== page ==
2 CORINTHIANS 3
If you are a real believer in Christ, you won’t need a certificate that proves the fact, because your heart has His Name written all over it. Your life will prove ownership and membership. Paul’s disciples in Corinth were all the introduction he required to that church – they only existed because of his efforts on their behalf. Whom do we acknowledge as having a big influence on our life – from childhood, through teenage years, young adulthood, parenthood and into middle- and old- age? Obviously, part of the answer is ‘Jesus’, but there are also other man and women of God who have helped build Christ in you; are we acknowledging them and their legacy? For example, see Galatians 6:6 and Hebrews 13:7.
Paul compares our inheritance and empowerment with that of Moses under the Old Covenant. Moses’ face shone with God’s glory – because he’d been so close to him – but the glory soon faded as Moses left the Presence; therefore, Moses hid that fact with a veil, to prevent the people noticing.
By direct comparison, our glory is increasing (see v18), so we do not need to hide it behind veils, out of a sense of shame. As we look upon the Lord’s glory, we ourselves are being transformed into his image more and more.
There is now no glory left in Judaism – it is like an empty chrysalis! The Spirit of God has moved on, and we would do well to follow him! But even that, at the time was full of God’s glory – even what Paul calls the ‘ministry’ that brought death and condemnation, engraved on stone, and transient – even that, for a time, shone with the glory of God.
But our glory, our ‘ministry’ in the Holy Spirit is more glorious to start with and increases in glory, as time goes on, since we carry that glory within our bodies. It brings righteousness and is eternal, being engraved on human hearts that will live forever. It we who are being changed from one level of glory to the next higher one as his Spirit bursts out from within our lives.
So we can be bold, since we have the Spirit of Freedom living within us!
2 CHRONICLES 36
We have already read in 2 Kings the account of the exile. Now we read it again in 2 Chronicles and later in Jeremiah. Interestingly, Daniel the prophet was probably included in those Jews taken early into exile. King Jehoiakim had become Nebuchadnezzar’s vassal for three years, but the attack on the Babylonians by the Egyptian army probably encouraged Jehoiakim to rebel and attempt to change sides; unsurprisingly, this encouraged Nebuchadnezzar to attack Jerusalem again by way of punishment of the king. Jehoiakim died shortly before the city fell.
His son, Jehoiachin became king at the age of eighteen, for the last three months of the siege. Not a great time to take up the throne! It was obvious that it was futile to resist Nebuchadnezzar any longer and sensibly Jehoiachin surrendered and became Nebuchadnezzar’s prisoner. A large number of people, including most of the royal officials were taken back to Babylon, and Nebuchadnezzar then appointed Jehoiachin’s uncle, Zedekiah, as king instead – at the ripe old age of twenty-one. Rather surprisingly, for a king ruling at such a time, Zedekiah reigned for as long as eleven years. Just like the previous three kings who had followed Josiah, Zedekiah was another evildoer in the eyes of the Lord and showed little political savvy either.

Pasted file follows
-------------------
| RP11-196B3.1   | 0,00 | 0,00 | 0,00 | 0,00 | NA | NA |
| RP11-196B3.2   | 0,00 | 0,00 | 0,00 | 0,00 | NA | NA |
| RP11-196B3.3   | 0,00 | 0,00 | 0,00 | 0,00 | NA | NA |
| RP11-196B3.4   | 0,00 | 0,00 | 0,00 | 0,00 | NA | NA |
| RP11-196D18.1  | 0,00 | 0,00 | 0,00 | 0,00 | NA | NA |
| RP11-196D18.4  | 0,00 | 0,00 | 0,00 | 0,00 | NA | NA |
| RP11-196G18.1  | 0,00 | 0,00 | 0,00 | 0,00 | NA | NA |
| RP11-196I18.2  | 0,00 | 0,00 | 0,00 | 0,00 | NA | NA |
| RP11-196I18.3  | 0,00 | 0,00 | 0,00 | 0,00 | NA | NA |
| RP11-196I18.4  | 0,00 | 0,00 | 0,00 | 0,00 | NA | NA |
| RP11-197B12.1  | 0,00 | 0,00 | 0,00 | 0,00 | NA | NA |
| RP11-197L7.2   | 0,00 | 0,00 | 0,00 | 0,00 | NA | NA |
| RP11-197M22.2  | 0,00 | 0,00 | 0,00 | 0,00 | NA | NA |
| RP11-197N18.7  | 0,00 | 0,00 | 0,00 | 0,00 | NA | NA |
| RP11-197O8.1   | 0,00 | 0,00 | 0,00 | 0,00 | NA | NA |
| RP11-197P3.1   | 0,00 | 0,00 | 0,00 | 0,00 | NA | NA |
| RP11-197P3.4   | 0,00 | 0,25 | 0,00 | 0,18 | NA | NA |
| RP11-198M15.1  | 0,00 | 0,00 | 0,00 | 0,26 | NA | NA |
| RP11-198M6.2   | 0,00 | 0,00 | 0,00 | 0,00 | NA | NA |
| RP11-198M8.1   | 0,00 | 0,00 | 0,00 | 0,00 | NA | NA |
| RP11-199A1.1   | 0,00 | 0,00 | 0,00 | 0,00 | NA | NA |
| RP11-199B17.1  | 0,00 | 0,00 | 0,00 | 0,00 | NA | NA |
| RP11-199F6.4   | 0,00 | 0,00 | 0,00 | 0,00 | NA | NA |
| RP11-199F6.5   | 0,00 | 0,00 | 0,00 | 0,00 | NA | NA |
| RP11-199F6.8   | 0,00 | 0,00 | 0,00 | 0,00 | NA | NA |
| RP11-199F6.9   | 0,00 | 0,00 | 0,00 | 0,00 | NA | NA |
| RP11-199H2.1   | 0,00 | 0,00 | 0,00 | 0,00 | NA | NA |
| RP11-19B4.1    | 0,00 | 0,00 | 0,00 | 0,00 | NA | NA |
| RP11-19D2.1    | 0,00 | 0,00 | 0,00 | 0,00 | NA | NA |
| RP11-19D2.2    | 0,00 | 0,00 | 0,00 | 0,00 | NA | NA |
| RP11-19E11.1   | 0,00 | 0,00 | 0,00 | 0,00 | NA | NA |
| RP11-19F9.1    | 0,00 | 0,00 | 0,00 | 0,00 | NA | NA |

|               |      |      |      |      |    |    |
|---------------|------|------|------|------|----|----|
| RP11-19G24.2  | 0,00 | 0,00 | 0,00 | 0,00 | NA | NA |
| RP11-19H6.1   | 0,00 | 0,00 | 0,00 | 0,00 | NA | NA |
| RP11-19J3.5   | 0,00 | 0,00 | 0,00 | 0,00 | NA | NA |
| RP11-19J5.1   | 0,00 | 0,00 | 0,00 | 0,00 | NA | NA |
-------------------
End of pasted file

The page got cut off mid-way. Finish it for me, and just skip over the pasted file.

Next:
Nine years into his reign, Zedekiah himself rebelled against Nebuchadnezzar and this was the ‘final straw’: the entire Babylonian army was mustered and laid siege to Jerusalem to the last time. The siege took nearly two years, but the outcome was inevitable – mainly because the Lord had already prophesied through Jeremiah that the city was fall to Nebuchadnezzar. Foolishly, Zedekiah tried to escape rather than surrender, and was easily captured, tried, blinded, and taken in chains to Babylon. Many of his officials were executed. This time the entire contents of the temple and the palaces that had any value were collected and brought as tribute to Nebuchadnezzar; little of the nation was permitted to remain, other than a handful of poor people who were tasked with caring for the land.
Gedaliah was placed in control, under the authority of Nebuchadnezzar, and for a while there was peace. Gedaliah wisely urged submission to the Babylonians, just as Jeremiah had previously, but this was not an entirely popular message. Within seven months Nebuchadnezzar’s vassal had been assassinated and, in fear of reprisals, the remaining people escaped to Egypt.
On a positive note, after the death of Nebuchadnezzar, the next ruler of Babylon released Jehoiachin from prison and gave him certain privileges as a royal captive. Much later, after seventy years of captivity, the Lord remembered his promise to Jeremiah and moved the heart of Cyrus, King of Persia, to set in the place the mechanism for the rebuilding of the temple and the resettlement of the Jewish kingdom. These are the final words of 2 Chronicles.
There is almost a welcome sense of relief that, at last, the punishment imposed by the Lord upon Israel and Judah has been completed – it had been hanging over them far too long. At least now, the next phase – that of rebuilding the nation – can at last get under way.